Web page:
Agnes Ngxukuma is a member of the executive committee of Khulumani Support Group in the Western Cape. She is also an organiser in the African National Congress Women’s League. A mother and grandmother, she runs Eggie’s Soup Kitchen in Khayelitsha and volunteers as a caregiver to those in need in her community.
Nompumelelo Njana is an apartheid survivor and long-time member of Khulumani Support Group in the Western Cape. She is the founder of a waste picking and recycling initiative in Khayelitsha and an activist in the Waste Pickers Movement of the Western Cape and the South African Waste Pickers Association.
Yanelisa Sishuba is the daughter of a Khulumani Support Group member. She is a youth activist, currently working as a Democratic Alliance youth leader in Cape Town Metro.
“In this timely book, apartheid’s survivors illustrate how the capitalist system that drove apartheid continues to drive inequality, poverty and violence in democratic South Africa and how the denial of socioeconomic rights undermines civil, political and cultural rights. All human beings have the right to social, economic, political, civil and cultural rights – human rights are universal, inter-related and inter-dependent. Those in power need to listen to these critical voices: the old fault lines, including race, class, gender and geography, must be urgently dismantled so South Africa can transition to a peaceful, just and equal society.” – Pregs Govender, activist and author of ‘Love and Courage: A Story of Insubordination’
“This book sketches the important links between inequality and violence through the narrative accounts of Khulumani Support Group participants. Through their voices we see their continued marginalisation in post-apartheid South Africa and how it continues to shape present-day experiences, including violence. The authors make an important contribution. They show the need to tackle socioeconomic factors that drive violence in order to address the ‘why’ of violence and reduce both inequality and violence.” – Shanaaz Mathews, director of the Children’s Institute, University of Cape Town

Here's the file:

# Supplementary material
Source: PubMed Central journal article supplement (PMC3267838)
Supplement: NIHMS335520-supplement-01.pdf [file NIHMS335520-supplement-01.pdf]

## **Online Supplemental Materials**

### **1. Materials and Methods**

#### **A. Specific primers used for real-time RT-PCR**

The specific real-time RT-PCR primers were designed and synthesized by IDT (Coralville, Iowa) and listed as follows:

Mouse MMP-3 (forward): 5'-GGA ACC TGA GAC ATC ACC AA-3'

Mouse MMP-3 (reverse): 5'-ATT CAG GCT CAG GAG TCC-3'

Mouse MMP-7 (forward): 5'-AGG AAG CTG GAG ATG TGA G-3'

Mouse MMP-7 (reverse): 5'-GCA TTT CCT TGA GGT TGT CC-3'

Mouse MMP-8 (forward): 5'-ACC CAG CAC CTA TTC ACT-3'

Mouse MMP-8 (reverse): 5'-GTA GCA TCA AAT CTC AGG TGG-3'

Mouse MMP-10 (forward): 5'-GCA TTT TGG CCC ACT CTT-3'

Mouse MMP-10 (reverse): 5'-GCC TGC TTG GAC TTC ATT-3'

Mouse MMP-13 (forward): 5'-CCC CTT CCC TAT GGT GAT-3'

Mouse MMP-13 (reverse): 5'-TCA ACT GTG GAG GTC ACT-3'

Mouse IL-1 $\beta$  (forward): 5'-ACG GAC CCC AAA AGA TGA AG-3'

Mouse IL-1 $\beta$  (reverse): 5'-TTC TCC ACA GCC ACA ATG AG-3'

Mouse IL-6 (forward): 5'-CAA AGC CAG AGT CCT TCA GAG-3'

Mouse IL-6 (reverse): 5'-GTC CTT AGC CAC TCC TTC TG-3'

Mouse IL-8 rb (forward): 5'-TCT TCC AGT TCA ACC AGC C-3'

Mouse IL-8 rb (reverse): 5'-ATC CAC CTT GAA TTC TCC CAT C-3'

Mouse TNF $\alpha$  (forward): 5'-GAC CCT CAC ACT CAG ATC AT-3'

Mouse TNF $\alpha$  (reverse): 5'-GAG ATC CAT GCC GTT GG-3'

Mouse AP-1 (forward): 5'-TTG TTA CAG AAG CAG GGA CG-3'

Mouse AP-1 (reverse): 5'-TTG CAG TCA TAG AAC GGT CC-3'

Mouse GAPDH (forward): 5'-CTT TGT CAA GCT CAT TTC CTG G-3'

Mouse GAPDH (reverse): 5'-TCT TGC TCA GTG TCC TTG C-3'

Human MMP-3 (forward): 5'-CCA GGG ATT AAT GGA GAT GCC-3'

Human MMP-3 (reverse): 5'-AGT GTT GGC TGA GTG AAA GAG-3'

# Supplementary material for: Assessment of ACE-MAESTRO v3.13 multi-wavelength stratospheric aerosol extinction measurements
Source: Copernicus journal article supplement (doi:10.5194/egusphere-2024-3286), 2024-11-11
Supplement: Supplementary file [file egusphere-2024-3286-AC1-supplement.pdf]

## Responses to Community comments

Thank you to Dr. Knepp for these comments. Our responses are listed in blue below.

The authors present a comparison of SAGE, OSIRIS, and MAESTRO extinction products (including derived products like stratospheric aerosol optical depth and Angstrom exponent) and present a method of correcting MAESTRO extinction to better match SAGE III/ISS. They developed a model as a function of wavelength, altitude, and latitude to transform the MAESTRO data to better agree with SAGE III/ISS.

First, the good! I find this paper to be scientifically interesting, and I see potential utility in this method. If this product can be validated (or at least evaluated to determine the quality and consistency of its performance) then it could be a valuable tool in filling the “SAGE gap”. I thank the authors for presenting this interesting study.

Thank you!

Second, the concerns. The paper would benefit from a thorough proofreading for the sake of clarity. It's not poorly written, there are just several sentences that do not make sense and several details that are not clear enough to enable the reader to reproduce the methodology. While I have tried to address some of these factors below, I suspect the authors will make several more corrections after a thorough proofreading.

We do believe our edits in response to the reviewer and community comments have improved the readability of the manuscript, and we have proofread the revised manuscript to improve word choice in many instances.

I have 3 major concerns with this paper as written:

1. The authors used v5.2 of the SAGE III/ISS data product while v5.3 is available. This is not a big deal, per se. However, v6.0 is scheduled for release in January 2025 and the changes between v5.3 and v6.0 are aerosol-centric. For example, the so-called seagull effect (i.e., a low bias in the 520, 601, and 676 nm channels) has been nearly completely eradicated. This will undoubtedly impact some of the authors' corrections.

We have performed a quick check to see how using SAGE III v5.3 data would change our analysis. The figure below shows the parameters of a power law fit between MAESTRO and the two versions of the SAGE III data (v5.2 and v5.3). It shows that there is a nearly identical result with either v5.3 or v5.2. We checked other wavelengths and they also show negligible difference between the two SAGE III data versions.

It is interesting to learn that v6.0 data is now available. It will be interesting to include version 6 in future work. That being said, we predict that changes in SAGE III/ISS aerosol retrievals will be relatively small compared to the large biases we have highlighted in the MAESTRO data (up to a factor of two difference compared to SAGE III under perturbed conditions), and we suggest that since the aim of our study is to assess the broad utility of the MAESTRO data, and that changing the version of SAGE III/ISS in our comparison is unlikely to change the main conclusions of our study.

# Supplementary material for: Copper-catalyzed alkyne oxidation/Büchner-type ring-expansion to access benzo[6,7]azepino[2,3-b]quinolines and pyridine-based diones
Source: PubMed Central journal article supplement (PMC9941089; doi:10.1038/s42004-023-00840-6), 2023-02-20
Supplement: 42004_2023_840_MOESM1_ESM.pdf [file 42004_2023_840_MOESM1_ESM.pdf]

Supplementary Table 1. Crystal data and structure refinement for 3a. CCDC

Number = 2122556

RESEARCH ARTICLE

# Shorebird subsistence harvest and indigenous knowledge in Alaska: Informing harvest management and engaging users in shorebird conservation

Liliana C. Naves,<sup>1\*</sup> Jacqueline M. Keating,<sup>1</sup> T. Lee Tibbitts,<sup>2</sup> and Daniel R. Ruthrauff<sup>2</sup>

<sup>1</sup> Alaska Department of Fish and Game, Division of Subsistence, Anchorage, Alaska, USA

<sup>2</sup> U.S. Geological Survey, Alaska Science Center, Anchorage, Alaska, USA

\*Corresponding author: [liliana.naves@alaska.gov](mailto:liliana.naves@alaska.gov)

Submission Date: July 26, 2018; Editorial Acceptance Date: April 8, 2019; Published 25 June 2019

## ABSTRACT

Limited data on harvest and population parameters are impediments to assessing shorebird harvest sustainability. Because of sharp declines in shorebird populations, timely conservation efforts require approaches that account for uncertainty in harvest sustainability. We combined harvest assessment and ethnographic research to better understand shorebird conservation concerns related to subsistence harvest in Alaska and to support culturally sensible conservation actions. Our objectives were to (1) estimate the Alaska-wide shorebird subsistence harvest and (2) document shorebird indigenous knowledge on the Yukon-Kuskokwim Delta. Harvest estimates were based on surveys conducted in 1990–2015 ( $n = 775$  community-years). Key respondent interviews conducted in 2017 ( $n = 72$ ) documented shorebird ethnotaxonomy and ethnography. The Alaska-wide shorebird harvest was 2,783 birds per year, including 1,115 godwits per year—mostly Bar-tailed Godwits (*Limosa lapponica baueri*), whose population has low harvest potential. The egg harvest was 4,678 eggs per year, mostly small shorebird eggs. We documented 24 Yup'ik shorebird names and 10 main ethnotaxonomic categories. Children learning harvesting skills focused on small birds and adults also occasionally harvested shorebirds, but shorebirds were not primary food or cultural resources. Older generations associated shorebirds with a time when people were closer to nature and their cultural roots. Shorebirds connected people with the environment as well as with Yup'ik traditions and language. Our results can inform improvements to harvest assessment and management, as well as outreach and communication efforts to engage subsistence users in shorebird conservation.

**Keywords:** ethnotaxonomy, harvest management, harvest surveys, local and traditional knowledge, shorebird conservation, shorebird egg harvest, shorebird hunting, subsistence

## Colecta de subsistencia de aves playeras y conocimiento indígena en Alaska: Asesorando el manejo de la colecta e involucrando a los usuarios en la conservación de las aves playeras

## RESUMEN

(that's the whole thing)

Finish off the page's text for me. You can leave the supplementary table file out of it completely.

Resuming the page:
“This volume represents an innovative and desperately needed rethink of approaches to structural violence and the idea of justice in political transitions. … The Participatory Action Research modality that drives the contents of this book articulates the empowerment of the social transformation that Khulumani demands and highlights this as a grassroots effort, incarnated in Khulumani as a social movement, to drive a transformative justice. As such, it represents an empirical case study that both challenges conventional wisdom of the South African transitional justice process as a model and shares the valuable and impressive experience of Khulumani as a tool to understand, make visible and challenge ongoing injustice. Global efforts to build a new practice of transformative justice demand such examples and this volume represents one important step on the path to constructing such a practice.” – Simon Robins, Senior Research Fellow at the Centre for Applied Human Rights, University of York